Jasna Djuricic as Aida

You feel the dread, desperation, and anguish that Aida feels in real-time as she races to try and save her family. As a translator, she is in a special position to understand (and witness) that any plans the UN may have had are starting to fall apart and quickly. There are a lot of close-ups of the actor’s faces in the film, of course these are used to convey the emotions the characters are feeling. They are used with potent effect whenever we get a close-up of Aida, played with a natural likeability by Jasna Djuricic. You feel safe when she is on-screen, there’s a real mother’s kindness to her. Your heart sinks when you see the hope drain from her face during pivotal moments. It’s akin to seeing an airhostess start to panic during a flight.


A surprising thing to note about Quo Vadis, Aida? is how bright and colourful it is. Usually when this sort of subject matter is tackled in a film, the colour-palette is very drab to help sell the depressing nature of the topic. The tone of Quo Vadis, Aida? is contradictory in some instances. Near the start, as the town is being evacuated, the residents are walking through golden fields as the summer sun beams down on them from a clear blue sky, accompanied by a chorus of grasshoppers. Most of the people are wearing colourful clothes, which juxtaposes the sombre expressions on their faces as they walk towards the ‘safety’ of the UN base leaving their shell-marked town behind. All of this adds to a deeper sense of terror more than any mono-chromatic, dark cinematography ever could. It feels authentic, you really can put yourself in the shoes of these people.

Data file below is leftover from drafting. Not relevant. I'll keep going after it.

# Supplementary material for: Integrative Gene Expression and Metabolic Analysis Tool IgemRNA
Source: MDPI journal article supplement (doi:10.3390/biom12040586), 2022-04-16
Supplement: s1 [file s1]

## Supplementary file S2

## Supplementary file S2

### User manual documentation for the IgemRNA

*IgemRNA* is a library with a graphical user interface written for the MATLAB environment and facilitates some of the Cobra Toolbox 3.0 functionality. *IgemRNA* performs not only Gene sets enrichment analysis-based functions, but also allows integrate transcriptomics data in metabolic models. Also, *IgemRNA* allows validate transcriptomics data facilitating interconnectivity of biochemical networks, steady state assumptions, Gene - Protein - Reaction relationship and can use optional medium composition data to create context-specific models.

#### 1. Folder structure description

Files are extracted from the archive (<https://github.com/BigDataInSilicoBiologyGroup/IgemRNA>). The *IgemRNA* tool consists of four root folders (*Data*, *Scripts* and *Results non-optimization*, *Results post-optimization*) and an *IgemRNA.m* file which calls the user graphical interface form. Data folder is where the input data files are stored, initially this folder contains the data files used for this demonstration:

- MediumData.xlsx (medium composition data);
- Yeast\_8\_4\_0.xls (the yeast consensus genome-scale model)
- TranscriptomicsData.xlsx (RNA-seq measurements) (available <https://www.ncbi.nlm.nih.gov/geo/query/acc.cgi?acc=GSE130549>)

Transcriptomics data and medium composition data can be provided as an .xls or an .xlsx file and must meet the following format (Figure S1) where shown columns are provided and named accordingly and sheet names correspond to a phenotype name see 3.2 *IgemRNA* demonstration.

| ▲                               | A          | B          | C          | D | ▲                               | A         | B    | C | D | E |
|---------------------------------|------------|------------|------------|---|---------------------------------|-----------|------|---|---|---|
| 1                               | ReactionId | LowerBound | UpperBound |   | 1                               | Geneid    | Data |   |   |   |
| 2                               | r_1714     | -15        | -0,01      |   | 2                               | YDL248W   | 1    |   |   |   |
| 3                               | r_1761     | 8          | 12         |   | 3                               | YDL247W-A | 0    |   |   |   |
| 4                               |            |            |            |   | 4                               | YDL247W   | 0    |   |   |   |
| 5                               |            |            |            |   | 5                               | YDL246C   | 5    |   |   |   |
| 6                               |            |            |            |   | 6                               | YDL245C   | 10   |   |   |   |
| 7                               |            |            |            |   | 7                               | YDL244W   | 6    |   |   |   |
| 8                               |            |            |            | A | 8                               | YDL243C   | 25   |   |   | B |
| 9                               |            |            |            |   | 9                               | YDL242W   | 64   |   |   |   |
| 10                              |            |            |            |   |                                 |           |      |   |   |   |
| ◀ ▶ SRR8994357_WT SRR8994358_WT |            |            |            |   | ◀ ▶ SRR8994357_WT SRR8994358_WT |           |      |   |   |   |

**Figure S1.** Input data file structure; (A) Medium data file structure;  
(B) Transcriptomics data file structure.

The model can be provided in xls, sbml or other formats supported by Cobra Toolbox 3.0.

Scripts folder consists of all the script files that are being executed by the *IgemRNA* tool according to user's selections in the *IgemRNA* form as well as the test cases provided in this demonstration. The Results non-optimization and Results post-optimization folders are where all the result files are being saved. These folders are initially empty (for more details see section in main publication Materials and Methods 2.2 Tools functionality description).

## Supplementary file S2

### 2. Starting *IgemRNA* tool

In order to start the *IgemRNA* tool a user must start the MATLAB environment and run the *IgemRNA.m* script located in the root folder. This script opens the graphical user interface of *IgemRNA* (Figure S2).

Jasmila Zbanic has done a fantastic job as both the director and writer of Quo Vadis, Aida? She manages to make every resident of Srebrenica feel like an individual. This is especially well done during the party scene mid-way through the film. Yes, it’s a little on the nose that the townsfolk stare down the camera at you one by one as they dance around in a circle in slow motion, but it works to make you realise that these people were just living a normal life when this happened. You are them and they are you.


The people of Srebrenica

Quo vadis, Aida? is a film that needs to be experienced by everyone. It’s an important film that is sitting somewhere near the bottom of Netflix’s current library. I only stumbled upon it because I was looking up the highest rated films of 2020 for another project. Some how I missed it originally, even though it was nominated for Best International film at the Oscars. But then again who takes notice of Oscar nominations these days?


Please, before watching the next hyped-up Netflix release that will more than likely be vapid and formulaic, dig up Quo vadis, Aida? and give it the attention it deserves.